If you can get past the name of the band and the title of the album, you’ll be pleased to find out that Wonder Years’ The Greatest Generation is almost certainly the best straight-up pop-punk album in years. At the very least, it’s the best straight-up pop-punk album since the last Wonder Years record. Though you might’ve heard the same accolades given to Japandroids’ Celebration Rock and Cloud Nothings’ Attack on Memory last year, those are phenomenal indie rock albums. This is straight-up pop-punk, Warped Tour stuff. It does not flaunt its DIY idealism, it does not cover Gun Club, it does not hire Steve Albini to get an ultra-raw sound and a booster shot of credibility. The production gleams, the guitars are sweetened, slicked up, compressed and stacked like baked loaves of Subway bread, the sixth song is the one with the acoustic guitar and piano and the vocals always rise up several notches during the chorus, giving you the nudge to sing along so you can try to reach that high note with a lead singer named “Soupy” Campbell. He’ll hit those notes, you probably won’t, but that’s OK.
I could compare this to blink-182 or Yellowcard or what have you and not be too far off the mark — everything wants to be “the single” here, except for “I Just Want to Sell Out My Funeral,” the seven-minute closer built from lyrical callbacks from the previous 12 songs, reminding you The Greatest Generation is technically a “concept album.” But that wouldn’t change your mind one bit. How about this — Generation came out on the same day as Vampire Weekend’s Modern Vampires of the City and they have a lot more in common than a release date. In fact, you could think of Ezra Koenig and “Soupy” Campbell (guh) as two dudes from the same high school class who were never aware of each other’s existence, lived parallel lives along different economic and cultural strata, and would have a lot to talk about at the reunion if they could get past the exterior differences in their upbringings and current locations. These are both bands dealing with the pressures and anxieties about being scared as shit about the future, and they reinforce each other’s crucial universality by proving that millennial anxiety isn’t a luxury problem.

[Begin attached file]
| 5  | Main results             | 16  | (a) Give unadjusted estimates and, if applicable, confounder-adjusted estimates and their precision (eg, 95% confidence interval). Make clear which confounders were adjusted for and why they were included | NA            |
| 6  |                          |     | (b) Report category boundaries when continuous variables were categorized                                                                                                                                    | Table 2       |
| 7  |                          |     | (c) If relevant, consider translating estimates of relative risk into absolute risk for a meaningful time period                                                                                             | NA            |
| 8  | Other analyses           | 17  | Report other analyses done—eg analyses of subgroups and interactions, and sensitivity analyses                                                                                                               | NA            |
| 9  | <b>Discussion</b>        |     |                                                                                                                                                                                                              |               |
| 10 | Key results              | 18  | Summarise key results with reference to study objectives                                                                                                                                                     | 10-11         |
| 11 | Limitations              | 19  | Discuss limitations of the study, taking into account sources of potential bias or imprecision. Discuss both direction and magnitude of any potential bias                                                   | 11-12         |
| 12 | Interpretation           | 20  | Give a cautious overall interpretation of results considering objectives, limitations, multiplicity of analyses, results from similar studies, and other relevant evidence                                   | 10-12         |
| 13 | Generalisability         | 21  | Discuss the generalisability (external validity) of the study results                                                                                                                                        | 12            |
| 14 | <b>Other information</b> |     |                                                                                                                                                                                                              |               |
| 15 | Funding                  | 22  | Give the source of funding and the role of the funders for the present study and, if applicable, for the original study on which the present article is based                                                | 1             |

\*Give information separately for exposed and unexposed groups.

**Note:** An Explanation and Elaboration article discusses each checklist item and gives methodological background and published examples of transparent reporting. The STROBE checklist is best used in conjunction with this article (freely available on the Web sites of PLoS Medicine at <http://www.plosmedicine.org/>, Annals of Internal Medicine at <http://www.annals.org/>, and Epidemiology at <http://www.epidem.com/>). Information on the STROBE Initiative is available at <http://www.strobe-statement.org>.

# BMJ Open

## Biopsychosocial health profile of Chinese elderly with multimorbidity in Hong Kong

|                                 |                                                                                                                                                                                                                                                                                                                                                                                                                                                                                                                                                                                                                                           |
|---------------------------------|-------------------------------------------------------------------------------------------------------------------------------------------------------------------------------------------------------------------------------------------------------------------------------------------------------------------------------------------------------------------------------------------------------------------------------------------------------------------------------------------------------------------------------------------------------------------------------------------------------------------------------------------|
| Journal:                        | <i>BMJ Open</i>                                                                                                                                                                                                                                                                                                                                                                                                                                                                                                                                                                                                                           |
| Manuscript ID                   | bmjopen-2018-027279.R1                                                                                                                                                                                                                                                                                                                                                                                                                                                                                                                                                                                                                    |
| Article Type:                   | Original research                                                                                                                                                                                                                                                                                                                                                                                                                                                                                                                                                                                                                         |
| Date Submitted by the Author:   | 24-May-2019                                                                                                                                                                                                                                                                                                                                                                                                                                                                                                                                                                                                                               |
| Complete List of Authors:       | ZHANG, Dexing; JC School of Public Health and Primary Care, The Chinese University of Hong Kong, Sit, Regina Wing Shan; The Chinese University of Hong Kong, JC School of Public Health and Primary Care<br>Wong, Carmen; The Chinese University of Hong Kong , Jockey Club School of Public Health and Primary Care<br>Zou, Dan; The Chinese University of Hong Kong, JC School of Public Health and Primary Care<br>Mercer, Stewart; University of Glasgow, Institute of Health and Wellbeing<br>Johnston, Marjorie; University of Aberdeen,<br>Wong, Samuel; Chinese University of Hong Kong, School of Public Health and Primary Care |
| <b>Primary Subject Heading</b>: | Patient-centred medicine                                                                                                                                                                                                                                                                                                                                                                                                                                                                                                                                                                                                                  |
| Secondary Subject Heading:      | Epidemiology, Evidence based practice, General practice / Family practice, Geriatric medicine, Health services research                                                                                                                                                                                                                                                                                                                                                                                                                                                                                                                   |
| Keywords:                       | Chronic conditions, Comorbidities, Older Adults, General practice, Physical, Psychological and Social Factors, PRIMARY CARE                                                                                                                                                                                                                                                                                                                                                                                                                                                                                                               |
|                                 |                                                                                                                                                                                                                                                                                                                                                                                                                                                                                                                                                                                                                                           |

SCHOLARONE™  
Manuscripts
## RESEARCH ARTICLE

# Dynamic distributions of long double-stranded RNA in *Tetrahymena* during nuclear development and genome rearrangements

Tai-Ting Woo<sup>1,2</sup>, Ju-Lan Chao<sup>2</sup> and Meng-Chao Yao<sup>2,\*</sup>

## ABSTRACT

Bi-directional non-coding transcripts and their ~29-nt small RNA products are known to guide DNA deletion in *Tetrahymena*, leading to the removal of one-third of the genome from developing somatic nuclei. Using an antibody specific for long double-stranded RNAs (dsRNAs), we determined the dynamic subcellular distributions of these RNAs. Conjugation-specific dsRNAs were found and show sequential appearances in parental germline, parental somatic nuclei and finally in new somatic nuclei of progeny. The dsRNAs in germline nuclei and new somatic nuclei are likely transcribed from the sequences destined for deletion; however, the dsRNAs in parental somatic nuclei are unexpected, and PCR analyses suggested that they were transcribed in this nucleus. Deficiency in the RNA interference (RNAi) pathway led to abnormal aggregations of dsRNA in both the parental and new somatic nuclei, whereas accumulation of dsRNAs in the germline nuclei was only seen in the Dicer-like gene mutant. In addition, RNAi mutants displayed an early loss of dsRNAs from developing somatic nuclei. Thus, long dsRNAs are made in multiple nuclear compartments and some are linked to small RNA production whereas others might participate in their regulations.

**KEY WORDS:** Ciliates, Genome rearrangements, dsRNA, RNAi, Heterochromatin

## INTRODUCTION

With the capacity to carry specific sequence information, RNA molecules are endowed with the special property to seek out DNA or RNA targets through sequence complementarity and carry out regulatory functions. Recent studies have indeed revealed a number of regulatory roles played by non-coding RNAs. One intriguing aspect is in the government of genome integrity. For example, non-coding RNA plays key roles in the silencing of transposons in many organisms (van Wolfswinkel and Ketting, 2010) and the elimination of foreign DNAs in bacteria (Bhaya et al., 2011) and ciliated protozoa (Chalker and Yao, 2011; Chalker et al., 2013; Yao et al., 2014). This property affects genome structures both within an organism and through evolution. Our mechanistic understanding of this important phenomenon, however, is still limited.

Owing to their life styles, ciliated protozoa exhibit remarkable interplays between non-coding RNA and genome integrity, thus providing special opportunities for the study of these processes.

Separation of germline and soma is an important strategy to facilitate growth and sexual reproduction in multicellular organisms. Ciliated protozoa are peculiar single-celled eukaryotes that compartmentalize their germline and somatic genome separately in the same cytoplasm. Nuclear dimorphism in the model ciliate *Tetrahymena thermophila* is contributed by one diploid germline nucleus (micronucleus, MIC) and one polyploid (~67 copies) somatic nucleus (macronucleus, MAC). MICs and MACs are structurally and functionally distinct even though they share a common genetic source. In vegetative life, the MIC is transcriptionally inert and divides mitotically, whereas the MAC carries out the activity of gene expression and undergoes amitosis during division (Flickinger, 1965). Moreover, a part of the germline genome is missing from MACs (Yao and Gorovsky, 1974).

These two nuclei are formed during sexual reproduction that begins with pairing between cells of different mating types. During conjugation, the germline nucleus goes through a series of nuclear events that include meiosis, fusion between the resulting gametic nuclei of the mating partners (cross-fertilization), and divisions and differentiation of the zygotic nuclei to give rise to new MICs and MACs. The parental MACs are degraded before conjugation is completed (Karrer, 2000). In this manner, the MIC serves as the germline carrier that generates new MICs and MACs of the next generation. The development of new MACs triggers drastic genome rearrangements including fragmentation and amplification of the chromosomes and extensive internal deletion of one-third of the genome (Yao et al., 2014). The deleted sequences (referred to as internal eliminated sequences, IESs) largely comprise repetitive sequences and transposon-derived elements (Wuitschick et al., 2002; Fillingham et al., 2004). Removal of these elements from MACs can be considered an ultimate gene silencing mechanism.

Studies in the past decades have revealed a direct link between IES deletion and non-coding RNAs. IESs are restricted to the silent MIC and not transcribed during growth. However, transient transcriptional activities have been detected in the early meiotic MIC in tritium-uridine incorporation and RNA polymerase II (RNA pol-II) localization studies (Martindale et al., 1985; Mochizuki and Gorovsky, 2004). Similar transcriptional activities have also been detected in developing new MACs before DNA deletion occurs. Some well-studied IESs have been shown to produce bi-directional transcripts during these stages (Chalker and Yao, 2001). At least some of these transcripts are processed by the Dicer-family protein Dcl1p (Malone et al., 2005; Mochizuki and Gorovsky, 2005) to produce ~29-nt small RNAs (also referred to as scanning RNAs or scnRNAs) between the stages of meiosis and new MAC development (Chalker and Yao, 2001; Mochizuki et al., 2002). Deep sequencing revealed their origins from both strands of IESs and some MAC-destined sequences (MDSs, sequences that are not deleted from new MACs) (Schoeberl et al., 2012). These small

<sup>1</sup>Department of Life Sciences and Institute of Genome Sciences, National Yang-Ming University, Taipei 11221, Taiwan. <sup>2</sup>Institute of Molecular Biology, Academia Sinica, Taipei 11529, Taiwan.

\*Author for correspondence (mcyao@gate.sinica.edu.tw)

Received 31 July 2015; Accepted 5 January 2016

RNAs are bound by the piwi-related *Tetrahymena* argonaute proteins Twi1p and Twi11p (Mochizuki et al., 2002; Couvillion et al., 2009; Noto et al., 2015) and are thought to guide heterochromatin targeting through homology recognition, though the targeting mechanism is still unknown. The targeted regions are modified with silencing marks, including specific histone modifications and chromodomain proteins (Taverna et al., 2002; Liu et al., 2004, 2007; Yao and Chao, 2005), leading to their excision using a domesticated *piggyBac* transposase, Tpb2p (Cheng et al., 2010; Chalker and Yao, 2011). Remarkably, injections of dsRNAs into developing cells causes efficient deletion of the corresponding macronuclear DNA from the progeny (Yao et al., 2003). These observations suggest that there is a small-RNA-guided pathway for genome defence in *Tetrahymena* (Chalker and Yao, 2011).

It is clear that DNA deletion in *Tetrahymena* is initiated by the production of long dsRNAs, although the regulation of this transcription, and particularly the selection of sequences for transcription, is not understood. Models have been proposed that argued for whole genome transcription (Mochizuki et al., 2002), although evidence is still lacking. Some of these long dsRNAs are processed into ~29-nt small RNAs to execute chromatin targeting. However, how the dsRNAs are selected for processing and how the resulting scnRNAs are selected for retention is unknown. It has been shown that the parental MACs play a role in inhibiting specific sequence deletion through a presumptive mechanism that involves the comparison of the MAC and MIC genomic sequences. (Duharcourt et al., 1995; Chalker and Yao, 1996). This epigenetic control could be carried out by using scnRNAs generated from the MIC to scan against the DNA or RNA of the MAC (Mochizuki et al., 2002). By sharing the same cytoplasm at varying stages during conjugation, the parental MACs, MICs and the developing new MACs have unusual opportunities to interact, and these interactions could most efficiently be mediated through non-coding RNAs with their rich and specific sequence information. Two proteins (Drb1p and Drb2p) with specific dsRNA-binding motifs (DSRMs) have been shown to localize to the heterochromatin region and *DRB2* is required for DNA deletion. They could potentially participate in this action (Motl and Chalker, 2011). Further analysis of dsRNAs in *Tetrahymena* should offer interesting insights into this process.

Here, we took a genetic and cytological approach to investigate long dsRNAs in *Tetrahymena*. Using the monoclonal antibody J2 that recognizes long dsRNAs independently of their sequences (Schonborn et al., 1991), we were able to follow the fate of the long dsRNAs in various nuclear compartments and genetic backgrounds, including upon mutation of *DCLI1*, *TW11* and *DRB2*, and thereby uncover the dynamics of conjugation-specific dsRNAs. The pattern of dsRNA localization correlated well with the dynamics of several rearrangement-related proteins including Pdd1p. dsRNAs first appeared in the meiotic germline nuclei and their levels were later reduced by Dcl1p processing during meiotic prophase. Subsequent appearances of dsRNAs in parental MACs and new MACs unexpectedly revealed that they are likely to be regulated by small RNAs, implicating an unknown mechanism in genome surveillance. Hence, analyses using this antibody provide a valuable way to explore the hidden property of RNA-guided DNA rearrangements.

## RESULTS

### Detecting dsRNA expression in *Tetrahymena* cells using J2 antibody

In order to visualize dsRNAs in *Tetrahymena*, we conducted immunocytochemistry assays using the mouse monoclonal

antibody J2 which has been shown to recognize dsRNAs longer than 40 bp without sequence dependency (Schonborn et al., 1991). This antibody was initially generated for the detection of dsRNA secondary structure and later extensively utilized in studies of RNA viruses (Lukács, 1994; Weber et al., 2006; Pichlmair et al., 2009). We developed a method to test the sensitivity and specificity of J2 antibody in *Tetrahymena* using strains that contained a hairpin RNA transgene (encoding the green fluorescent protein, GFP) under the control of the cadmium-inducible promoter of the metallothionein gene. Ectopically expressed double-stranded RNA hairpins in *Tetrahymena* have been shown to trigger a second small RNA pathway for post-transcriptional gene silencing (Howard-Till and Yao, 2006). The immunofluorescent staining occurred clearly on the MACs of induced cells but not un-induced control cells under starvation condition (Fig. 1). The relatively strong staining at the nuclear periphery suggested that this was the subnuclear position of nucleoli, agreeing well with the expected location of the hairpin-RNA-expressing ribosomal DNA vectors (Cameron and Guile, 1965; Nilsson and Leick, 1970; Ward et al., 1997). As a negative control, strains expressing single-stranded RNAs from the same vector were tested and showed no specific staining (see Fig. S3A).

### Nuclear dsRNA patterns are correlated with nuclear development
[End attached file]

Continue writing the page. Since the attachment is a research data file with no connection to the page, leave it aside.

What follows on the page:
But once again, the Wonder Years have a lot more to prove. First off, “the Wonder Years” and “The Greatest Generation” are the sort of entry-level references that would get laughed out of a Vampire Weekend writing session — the Modest Mouse name-drop on “Step” is probably the least esoteric of their career. Otherwise, it’s just two guys grappling with the same problems, seen through the prism of their respective education and life experiences. Modern Vampires begins with Koenig empathizing with an unshaven, underemployed guy who still thinks the world owes him something, whereas The Greatest Generation ends with Campbell trying to forgive the presumably unemployable addicts in his family who have lost hope completely. An oft-quoted lyric from “Don’t Lie” mentions “a headstone right in front you,” an impending, theoretical specter of mortality while Campbell cancels a tour to spend time in a hospital with his dying grandfather. Koenig “fronts like Mechanicsburg, Anchorage and Dar es Salaam.” The Wonder Years speak of Missouri and the Chesapeake like they’re different countries. In Vampire Weekend songs, Saabs get torched and the New York Times gets torn to pieces. In “Teenage Parents,” Campbell dedicates the record’s most ascendant, major-key chorus to a lyric about growing up with nothing but hand-me-downs and Goodwill. A spiritual revelation occurs in “Ya Hey” when a DJ segues from Desmond Dekker’s “Israelites” to Rolling Stones’ “19th Nervous Breakdown,” both unimpeachable and timeless. A spiritual revelation occurs in “We Could Die Like This” when Philadelphia Eagles fans see their team take the field without Jerome Brown for the first time.